When it comes to a device worthy of the term "daily driver," it's my belief that function and utility should come before design. I like to run case-less even if accidents are bound to happen. Most rugged cases are unattractive and ruin the appearance of the device it's protecting. But they work. Screen protectors negatively impact viewing angles. But they're a necessary evil. We need to see more devices that are both attractive and durable. We are at a plateau in terms of design and quality but customers are clearly being shunned when fragility is mentioned.
There has never been a better time to be a consumer due to the multitude of choices beckoning us. But to what extent can manufacturers continue to increase build quality at the expense of durability?
The first device that comes to mind is the iPhone 5. Every time I pick one up, I'm enamored by its physique. It makes every other phone on the market seem cheap and obese. Apple has every right to be proud of the "Designed in California" printed on its matte aluminum backside.
I realize it's no longer the thinnest on the market (that title goes to the Alcatel One Touch Idol Ultra at 6.45mm) but it's still impressive. Having said this, I could never own it for the same reason Taylor Martin dislikes the anodized aluminum. I simply can't get comfortable with a device that mixes shades of aluminum and metal…on all sides. To top it off, it's uncomfortably thin. It may exude premiumness, but it fails miserably as a daily driver if durability is your concern.
I miss the days when curvy smartphones were acceptable. Not everyone is a supermodel, so why is every hero device so fragile and skinny?
The heftiest device that comes to mind is the HTC Thunderbolt which is a tank in every regard. At 14mm thick, you might get some questions about the bulge in your pocket, and with a case installed, you might want to consider a fanny pack. A good friend of mine grabbed the Thunderbolt as soon as it was announced and loved it…initially. His main concern was never the durability or quality of the device because "it never should be." This was indisputable. It was the battery life. Since 2011, we have seen OEM's increase the size of batteries and shrink the skeleton of devices at the expense of durability. How have OEM's managed to increase fragility with no one noticing?
I have noticed and I'm interested to know if you have, Dear Reader.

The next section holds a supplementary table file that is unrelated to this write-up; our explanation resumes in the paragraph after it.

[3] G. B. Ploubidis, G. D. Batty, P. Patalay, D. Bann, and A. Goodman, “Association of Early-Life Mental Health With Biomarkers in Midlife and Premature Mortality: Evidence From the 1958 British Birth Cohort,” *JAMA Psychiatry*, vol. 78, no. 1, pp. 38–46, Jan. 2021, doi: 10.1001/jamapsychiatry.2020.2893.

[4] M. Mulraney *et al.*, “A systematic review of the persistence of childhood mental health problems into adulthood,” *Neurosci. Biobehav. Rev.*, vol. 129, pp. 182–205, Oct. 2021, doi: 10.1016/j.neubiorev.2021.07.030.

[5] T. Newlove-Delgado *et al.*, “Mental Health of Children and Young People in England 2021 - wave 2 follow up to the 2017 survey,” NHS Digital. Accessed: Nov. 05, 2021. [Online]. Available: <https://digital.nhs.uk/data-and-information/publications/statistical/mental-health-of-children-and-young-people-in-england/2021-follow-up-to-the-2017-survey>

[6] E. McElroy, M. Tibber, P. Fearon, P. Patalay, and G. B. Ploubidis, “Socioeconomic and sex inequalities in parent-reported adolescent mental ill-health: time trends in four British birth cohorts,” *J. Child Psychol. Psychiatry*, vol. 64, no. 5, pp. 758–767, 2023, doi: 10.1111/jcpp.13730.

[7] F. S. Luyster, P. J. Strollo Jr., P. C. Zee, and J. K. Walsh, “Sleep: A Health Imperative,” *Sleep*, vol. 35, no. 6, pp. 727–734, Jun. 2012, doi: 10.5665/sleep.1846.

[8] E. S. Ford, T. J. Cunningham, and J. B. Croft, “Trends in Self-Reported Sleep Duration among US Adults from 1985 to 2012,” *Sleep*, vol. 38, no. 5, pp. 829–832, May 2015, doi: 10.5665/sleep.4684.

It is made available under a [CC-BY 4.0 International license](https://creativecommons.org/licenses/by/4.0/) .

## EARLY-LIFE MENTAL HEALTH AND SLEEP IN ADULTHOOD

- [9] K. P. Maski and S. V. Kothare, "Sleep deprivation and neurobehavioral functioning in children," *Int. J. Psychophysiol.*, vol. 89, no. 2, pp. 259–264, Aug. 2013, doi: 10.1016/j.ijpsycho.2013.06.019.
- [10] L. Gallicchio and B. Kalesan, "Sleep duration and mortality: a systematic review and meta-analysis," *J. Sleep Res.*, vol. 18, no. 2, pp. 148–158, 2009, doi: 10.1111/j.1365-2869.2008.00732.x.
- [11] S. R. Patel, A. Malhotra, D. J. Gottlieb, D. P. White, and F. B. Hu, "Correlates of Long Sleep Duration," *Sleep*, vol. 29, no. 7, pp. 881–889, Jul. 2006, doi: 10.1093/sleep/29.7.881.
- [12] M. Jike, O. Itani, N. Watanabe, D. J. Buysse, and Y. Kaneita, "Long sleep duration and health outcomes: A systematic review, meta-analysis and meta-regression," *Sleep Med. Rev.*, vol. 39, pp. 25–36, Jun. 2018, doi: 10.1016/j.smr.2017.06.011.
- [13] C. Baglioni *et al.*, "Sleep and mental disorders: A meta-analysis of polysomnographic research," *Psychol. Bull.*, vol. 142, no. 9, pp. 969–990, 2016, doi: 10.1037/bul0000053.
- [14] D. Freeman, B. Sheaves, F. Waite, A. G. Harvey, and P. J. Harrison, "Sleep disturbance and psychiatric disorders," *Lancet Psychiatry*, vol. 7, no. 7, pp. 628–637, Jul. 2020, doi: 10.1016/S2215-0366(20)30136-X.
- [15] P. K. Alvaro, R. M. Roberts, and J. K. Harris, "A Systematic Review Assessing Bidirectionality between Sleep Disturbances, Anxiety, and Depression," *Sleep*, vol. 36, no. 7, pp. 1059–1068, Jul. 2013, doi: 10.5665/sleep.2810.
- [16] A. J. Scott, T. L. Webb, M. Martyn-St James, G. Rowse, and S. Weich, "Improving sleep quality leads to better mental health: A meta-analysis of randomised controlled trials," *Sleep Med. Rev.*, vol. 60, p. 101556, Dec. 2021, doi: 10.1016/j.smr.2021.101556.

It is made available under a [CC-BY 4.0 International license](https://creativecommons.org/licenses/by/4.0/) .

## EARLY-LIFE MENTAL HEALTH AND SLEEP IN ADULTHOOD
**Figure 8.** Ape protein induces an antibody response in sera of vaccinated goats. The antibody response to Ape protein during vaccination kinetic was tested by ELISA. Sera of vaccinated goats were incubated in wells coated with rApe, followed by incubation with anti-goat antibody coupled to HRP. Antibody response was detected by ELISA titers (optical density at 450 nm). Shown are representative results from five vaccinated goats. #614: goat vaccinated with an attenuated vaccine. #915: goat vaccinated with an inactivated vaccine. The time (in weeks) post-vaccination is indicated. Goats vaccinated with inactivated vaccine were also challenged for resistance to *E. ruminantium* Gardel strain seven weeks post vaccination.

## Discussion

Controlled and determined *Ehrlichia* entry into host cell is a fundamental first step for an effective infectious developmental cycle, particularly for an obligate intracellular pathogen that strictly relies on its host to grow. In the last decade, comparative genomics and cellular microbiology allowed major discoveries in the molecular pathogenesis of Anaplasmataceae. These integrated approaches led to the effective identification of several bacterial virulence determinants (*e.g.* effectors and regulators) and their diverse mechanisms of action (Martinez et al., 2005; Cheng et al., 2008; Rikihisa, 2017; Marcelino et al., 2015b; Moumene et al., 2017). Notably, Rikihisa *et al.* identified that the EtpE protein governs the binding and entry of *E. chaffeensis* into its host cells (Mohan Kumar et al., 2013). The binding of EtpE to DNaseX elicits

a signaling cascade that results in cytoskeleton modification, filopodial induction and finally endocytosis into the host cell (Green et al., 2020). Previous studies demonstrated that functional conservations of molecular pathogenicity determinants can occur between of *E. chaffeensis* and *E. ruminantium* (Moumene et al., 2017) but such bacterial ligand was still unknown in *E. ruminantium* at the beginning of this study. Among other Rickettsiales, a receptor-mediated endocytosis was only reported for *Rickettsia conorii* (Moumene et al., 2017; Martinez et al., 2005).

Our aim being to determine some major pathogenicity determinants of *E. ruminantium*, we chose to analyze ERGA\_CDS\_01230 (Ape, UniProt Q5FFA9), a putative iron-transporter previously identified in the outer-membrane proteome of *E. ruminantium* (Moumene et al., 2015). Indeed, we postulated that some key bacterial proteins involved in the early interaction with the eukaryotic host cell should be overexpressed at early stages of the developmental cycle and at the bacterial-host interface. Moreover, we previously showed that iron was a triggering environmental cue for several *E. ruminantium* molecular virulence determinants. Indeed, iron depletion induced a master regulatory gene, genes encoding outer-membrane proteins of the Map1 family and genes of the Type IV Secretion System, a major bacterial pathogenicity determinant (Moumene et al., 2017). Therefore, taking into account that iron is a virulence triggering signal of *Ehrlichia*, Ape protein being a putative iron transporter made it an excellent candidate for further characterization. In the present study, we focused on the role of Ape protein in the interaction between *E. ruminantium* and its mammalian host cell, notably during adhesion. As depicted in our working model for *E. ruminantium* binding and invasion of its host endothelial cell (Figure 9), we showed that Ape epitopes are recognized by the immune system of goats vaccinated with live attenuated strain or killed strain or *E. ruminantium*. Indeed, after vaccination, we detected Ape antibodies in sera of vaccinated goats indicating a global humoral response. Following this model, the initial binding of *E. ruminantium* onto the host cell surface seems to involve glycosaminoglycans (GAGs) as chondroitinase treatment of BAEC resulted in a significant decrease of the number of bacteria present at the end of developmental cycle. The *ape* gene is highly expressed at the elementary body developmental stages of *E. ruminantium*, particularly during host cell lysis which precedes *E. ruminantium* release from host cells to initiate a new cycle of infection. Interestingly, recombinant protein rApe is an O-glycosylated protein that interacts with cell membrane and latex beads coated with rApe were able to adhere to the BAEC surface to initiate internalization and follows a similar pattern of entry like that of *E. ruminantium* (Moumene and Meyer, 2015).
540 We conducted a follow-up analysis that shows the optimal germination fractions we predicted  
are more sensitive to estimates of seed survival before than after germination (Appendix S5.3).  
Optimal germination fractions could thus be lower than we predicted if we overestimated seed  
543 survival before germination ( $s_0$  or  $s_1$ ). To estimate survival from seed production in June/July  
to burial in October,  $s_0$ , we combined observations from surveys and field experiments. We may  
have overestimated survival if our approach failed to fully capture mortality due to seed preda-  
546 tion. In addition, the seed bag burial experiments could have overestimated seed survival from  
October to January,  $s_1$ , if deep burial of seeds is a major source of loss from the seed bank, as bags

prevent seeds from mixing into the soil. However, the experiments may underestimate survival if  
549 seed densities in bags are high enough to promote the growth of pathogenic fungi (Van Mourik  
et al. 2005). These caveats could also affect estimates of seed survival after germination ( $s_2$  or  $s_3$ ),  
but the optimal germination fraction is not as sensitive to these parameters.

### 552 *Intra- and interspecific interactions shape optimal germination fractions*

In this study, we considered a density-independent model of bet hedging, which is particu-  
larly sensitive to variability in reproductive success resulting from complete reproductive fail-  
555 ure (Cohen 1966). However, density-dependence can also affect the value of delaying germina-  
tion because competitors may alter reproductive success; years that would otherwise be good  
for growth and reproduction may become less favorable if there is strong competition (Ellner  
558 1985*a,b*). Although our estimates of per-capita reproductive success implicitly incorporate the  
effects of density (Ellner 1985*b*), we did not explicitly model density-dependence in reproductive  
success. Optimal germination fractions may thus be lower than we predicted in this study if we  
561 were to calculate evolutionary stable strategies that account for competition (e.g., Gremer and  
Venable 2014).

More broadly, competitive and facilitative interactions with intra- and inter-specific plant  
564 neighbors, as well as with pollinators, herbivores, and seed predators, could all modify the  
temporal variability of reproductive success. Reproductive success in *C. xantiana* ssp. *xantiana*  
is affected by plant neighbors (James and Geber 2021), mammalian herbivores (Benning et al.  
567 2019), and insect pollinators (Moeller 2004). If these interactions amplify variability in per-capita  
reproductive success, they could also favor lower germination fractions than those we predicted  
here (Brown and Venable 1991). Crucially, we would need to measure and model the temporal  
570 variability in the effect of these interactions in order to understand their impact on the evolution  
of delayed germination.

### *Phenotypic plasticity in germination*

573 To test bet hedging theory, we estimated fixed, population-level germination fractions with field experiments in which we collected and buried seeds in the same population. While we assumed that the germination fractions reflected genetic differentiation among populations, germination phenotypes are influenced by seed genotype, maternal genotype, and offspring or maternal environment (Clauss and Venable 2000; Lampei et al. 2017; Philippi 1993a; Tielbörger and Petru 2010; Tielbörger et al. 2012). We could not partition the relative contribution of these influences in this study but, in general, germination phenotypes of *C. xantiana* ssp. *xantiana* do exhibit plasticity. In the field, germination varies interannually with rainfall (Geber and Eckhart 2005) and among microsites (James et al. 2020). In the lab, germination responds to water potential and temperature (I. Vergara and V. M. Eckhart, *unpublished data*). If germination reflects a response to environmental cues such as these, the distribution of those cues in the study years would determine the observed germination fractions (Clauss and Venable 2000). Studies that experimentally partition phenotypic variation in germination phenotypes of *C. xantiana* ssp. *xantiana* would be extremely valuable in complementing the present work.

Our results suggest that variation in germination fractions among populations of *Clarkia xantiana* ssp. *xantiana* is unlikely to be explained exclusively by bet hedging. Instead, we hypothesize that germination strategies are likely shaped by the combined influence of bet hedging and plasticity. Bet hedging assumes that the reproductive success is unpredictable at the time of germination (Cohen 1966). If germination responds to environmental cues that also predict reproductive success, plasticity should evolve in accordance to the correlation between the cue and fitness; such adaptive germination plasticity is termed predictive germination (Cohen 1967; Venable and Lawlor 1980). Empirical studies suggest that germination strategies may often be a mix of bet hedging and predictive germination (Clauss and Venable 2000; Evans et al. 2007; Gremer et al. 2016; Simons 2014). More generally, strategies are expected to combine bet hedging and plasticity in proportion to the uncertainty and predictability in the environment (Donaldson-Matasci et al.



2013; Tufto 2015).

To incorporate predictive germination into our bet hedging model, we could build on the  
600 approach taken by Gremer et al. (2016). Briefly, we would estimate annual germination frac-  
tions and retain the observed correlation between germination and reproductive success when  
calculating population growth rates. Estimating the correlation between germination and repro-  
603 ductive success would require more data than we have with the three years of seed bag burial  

We consumers are right in the middle of a made-up competition that manufacturers are just now making the rules for. To put it simply, if phones were people, they'd have chicken legs. Their cameras, displays, and processors are the muscle. For all the hubbub around quad and octa core CPU's, we're still left indefensible when they fall out of our pockets.
HTC's CEO Peter Chou said at the end of 2012 that one thing the year had taught him was the need to "act fast and be responsive to market changes." Despite it being only February, we have already seen Sony introduce durability into the flagship scene with dust and waterproofing on its Xperia Z. It's too early to tell, but I believe it might be one of the "market changes" Mr. Chou said he'd respond to. Is HTC going to react to Sony's push for durability? We'll have to wait until they unwrap the M7, M4, and G2.
If history is any sign of HTC's future, you can be sure that they'll nail the form of the device. Just don't hold your breath for something as durable as the Xperia Z or Oppo Finder (which doubles as a hammer and is only 6.65mm thick).
At 10.1mm thick, the HTC Windows Phone 8X is nowhere close to dethroning the thinnest smartphones, but it works well. It feels great in-hand and the polycarbonate is partly responsible. It might not be the best in terms of durability but it wasn't completely neglected when designed. This is the ideal fit and finish of a smartphone which is why it's still in my Top 5 for a third week running.
Samsung is the most proactive in the group when it comes to functionality. Their market share in Q4 may have just missed Apple's taking of 39% but their future is looking bright. They've managed to push their line of S features all the while maintaining a level of craftsmanship that can take a beating. I have long praised Samsung's polycarbonate hardware in the face of adversity. Their devices are tough. But are they tough enough for daily use? They mostly are but they could be tougher.
The Galaxy S III is a couple millimeters thinner than the 8X and it's noticeable. My test of a phone's feel in-hand is to lay on my back with it in one hand. Then I start texting. If it falls, it's a bit too thin. The Galaxy S III is tough to hold but it doesn't fall. Everything else about it is competitive with HTC's hardware except for its width. Maybe 8.6mm is my threshold.
Reader! I want to know how you feel about smartphones and their evolution toward premium build quality and thin form factors. Do you expect flagship devices to be thin? Do you associate the width of your smartphone with its quality? Most manufacturers seem to have started an unjustifiable trend to produce the thinnest device. But is it really worth their effort? Let me know how you feel in the comments below.